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High-Tech Hull Page 3

Tripping the Light Fantastic

Part 3: The hull was laminated with Kevlar and E-glass woven into a quadaxial fabric.

By George L. Petrie

   

Photo: Courtesy NEB
 More of this Feature

• Part 1: Hunt 90
• Part 2: Hunt 90
• Part 3: Hunt 90


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So, what weight-saving measures did NEB use to build the Hunt 90? For starters, it used only epoxy resins throughout the entire yacht, rather than the polyurethane and vinylester resins commonly used in the trade. Epoxy has much greater strength compared to conventional resin and pound-for-pound produces a lighter, stiffer, stronger laminate. It also offers more strength in “secondary” bonds, such as to join a frame or bulkhead to the hull after the hull laminate has cured. The main drawback with epoxy (aside from its higher cost) is that it must be heated to about 175°F to properly cure and thus develop its full strength. So to cure the hull, NEB fabricated an “oven” (actually an insulated tent) more than 90 feet long that would completely contain the hull, then raised it to the required temperature with an array of electric heaters. Temperature was monitored by thermocouples at more than 50 locations in the mold and the oven, to make sure that temperature changes were uniform and not too sudden.

The hull was laminated with Kevlar and E-glass woven into a quadaxial fabric. Kevlar adds strength and impact resistance to the E-glass (conventional glass fiber), while the quadaxial fabric assures uniform strength in all directions. The hull fabrics are all pre-preg, meaning they have been impregnated with epoxy resin at the factory to ensure uniform application of exactly the proper amount of resin. The challenge in using pre-preg fabric (in addition to its higher material cost) is that it must be kept refrigerated until ready for use so that the epoxy resin doesn’t begin to cure prematurely.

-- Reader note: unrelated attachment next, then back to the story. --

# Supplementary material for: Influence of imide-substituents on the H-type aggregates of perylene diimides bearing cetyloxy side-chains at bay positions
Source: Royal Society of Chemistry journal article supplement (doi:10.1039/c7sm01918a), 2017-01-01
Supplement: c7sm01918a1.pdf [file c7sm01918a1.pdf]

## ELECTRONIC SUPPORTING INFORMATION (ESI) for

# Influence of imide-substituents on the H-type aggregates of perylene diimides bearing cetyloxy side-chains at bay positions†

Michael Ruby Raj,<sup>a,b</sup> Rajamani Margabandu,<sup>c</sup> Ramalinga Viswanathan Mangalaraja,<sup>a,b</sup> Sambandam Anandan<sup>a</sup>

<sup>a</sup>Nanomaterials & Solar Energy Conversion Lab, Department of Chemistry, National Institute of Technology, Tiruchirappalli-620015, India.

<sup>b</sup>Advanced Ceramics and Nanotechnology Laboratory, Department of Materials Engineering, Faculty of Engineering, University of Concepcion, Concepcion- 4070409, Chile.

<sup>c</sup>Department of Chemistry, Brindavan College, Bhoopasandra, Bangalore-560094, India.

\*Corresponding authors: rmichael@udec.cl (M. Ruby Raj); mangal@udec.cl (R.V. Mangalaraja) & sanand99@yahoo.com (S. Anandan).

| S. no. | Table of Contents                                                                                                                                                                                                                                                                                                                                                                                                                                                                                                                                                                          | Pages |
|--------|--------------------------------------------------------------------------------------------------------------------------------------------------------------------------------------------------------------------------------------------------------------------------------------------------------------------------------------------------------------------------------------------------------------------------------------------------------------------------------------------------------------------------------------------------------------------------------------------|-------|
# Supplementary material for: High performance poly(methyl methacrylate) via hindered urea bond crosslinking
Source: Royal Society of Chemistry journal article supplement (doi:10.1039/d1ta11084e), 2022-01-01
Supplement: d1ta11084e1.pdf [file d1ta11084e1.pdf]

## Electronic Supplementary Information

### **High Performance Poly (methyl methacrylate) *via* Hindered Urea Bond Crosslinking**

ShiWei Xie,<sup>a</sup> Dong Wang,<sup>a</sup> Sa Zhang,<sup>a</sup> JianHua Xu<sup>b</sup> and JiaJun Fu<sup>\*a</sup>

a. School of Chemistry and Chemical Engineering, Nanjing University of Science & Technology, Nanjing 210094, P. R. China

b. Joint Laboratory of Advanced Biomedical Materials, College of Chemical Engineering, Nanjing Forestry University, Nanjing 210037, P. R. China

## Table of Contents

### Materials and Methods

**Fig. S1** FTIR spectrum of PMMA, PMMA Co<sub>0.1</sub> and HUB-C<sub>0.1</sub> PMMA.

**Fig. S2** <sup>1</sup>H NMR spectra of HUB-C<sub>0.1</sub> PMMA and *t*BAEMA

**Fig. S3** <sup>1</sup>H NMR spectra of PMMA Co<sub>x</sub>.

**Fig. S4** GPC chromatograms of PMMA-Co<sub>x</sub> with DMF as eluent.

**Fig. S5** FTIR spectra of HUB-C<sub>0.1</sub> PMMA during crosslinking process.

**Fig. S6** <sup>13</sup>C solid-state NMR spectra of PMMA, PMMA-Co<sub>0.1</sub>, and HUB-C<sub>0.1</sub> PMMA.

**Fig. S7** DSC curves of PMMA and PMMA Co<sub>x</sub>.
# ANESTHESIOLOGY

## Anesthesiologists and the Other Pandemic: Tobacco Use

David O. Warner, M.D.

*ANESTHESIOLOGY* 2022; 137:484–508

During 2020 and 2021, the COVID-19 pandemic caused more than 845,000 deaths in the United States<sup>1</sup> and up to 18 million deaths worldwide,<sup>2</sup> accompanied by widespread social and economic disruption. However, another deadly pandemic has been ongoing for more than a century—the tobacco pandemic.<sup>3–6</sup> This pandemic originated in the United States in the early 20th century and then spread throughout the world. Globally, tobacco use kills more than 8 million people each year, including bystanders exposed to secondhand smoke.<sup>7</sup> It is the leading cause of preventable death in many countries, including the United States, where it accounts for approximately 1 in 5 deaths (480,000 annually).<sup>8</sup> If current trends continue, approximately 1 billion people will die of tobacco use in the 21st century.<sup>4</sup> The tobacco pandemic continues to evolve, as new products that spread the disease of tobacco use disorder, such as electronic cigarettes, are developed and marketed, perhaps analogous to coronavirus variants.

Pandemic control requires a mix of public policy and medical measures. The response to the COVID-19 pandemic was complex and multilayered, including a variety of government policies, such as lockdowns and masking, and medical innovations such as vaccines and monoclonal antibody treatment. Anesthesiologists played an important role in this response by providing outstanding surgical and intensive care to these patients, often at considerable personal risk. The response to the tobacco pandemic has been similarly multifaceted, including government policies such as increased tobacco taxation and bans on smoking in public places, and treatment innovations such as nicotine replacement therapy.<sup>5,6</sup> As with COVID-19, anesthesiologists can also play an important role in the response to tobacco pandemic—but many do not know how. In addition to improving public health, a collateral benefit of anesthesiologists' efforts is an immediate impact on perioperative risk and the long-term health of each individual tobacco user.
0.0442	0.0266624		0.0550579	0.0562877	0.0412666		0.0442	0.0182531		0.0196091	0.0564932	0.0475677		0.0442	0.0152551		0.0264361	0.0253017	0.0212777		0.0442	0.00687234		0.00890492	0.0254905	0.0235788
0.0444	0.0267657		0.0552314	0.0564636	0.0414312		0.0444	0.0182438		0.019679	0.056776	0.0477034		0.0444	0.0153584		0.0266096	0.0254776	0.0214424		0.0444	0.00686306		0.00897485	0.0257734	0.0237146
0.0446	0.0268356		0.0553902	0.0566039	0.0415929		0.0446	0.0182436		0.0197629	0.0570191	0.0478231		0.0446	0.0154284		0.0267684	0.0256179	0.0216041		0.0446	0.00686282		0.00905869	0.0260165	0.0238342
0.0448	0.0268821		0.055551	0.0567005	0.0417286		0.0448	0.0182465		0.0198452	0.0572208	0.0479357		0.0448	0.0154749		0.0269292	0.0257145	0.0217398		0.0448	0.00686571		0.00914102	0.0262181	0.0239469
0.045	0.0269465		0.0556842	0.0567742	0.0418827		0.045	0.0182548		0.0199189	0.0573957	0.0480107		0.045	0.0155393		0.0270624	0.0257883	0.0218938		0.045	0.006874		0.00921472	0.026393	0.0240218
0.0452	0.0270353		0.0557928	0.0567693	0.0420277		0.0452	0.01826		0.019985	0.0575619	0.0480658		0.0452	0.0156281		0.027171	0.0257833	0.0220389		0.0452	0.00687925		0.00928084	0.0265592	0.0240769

The hull is also cored, with two-inch-thick CoreCell foam in the bottom, as many builders now use, to gain stiffness, sheer strength, and impact tolerance, but in the hull sides, NEB uses a 1 1/2-inch Nomex honeycomb core, which it claims is lighter, stronger, and more thermally stable than a foam core. At each stage of lamination (between each layer of cloth and after application of coring), the hull is vacuum-bagged, to ensure uniform distribution of resin, and thermally cycled in the oven.

NEB also employed a full measure of conventional weight-saving strategies, including foam-cored decks and Nomex-cored bulkheads, interior panels, and joinery. Even the deck liners are foam, covered with a thin wood veneer. The yard has gone the extra mile to cut weight, so the yacht can deliver many extra miles of cruising range for her owner. And that’s a noteworthy accomplishment in any boat, sail or power.

New England Boatworks Phone: (401) 683-4000. www.neboatworks.com.

Previous page > Part 2: NEB achieved impressive weight reduction. > Page 1, 2, 3

This article originally appeared in the August 2003 issue of Power & Motoryacht magazine.

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